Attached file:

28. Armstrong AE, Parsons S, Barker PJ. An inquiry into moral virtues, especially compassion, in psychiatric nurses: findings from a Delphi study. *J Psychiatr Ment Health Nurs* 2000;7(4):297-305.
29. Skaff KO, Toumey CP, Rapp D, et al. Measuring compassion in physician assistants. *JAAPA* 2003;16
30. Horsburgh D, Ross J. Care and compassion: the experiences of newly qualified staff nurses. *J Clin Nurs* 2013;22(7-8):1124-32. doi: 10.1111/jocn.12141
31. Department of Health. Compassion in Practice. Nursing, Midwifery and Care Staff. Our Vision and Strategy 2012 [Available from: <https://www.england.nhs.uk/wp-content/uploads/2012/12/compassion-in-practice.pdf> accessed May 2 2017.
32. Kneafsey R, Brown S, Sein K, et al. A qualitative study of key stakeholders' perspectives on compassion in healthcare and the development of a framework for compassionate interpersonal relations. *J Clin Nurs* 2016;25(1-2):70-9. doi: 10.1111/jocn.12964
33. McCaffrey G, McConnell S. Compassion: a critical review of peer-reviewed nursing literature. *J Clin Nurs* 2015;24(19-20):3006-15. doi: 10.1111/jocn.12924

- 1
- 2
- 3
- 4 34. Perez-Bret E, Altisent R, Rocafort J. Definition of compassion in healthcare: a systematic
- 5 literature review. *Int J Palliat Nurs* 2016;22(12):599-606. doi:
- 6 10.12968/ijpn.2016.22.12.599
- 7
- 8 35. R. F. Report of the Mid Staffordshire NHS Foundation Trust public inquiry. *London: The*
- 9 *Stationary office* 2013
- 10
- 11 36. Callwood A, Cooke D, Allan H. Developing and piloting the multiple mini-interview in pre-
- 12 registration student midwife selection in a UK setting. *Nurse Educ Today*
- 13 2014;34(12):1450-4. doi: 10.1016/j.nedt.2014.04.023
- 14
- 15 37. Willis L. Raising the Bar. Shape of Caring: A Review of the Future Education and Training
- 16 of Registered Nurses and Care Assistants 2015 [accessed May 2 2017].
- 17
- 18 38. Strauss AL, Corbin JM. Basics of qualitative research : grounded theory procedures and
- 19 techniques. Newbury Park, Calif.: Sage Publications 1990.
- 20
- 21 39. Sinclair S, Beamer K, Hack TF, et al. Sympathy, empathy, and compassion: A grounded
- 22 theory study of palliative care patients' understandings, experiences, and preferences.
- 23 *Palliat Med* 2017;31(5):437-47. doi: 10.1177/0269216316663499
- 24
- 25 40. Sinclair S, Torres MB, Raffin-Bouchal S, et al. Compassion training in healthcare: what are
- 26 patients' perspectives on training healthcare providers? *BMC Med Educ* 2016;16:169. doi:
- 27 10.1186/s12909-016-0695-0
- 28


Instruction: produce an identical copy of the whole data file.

28. Armstrong AE, Parsons S, Barker PJ. An inquiry into moral virtues, especially compassion, in psychiatric nurses: findings from a Delphi study. *J Psychiatr Ment Health Nurs* 2000;7(4):297-305.
29. Skaff KO, Toumey CP, Rapp D, et al. Measuring compassion in physician assistants. *JAAPA* 2003;16
30. Horsburgh D, Ross J. Care and compassion: the experiences of newly qualified staff nurses. *J Clin Nurs* 2013;22(7-8):1124-32. doi: 10.1111/jocn.12141
31. Department of Health. Compassion in Practice. Nursing, Midwifery and Care Staff. Our Vision and Strategy 2012 [Available from: <https://www.england.nhs.uk/wp-content/uploads/2012/12/compassion-in-practice.pdf> accessed May 2 2017.
32. Kneafsey R, Brown S, Sein K, et al. A qualitative study of key stakeholders' perspectives on compassion in healthcare and the development of a framework for compassionate interpersonal relations. *J Clin Nurs* 2016;25(1-2):70-9. doi: 10.1111/jocn.12964
33. McCaffrey G, McConnell S. Compassion: a critical review of peer-reviewed nursing literature. *J Clin Nurs* 2015;24(19-20):3006-15. doi: 10.1111/jocn.12924

- 1
- 2
- 3
- 4 34. Perez-Bret E, Altisent R, Rocafort J. Definition of compassion in healthcare: a systematic
- 5 literature review. *Int J Palliat Nurs* 2016;22(12):599-606. doi:
- 6 10.12968/ijpn.2016.22.12.599
- 7
- 8 35. R. F. Report of the Mid Staffordshire NHS Foundation Trust public inquiry. *London: The*
- 9 *Stationary office* 2013
- 10
- 11 36. Callwood A, Cooke D, Allan H. Developing and piloting the multiple mini-interview in pre-
- 12 registration student midwife selection in a UK setting. *Nurse Educ Today*
- 13 2014;34(12):1450-4. doi: 10.1016/j.nedt.2014.04.023
- 14
- 15 37. Willis L. Raising the Bar. Shape of Caring: A Review of the Future Education and Training
- 16 of Registered Nurses and Care Assistants 2015 [accessed May 2 2017].
- 17
- 18 38. Strauss AL, Corbin JM. Basics of qualitative research : grounded theory procedures and
- 19 techniques. Newbury Park, Calif.: Sage Publications 1990.
- 20
- 21 39. Sinclair S, Beamer K, Hack TF, et al. Sympathy, empathy, and compassion: A grounded
- 22 theory study of palliative care patients' understandings, experiences, and preferences.
- 23 *Palliat Med* 2017;31(5):437-47. doi: 10.1177/0269216316663499
- 24
- 25 40. Sinclair S, Torres MB, Raffin-Bouchal S, et al. Compassion training in healthcare: what are
- 26 patients' perspectives on training healthcare providers? *BMC Med Educ* 2016;16:169. doi:
- 27 10.1186/s12909-016-0695-0
- 28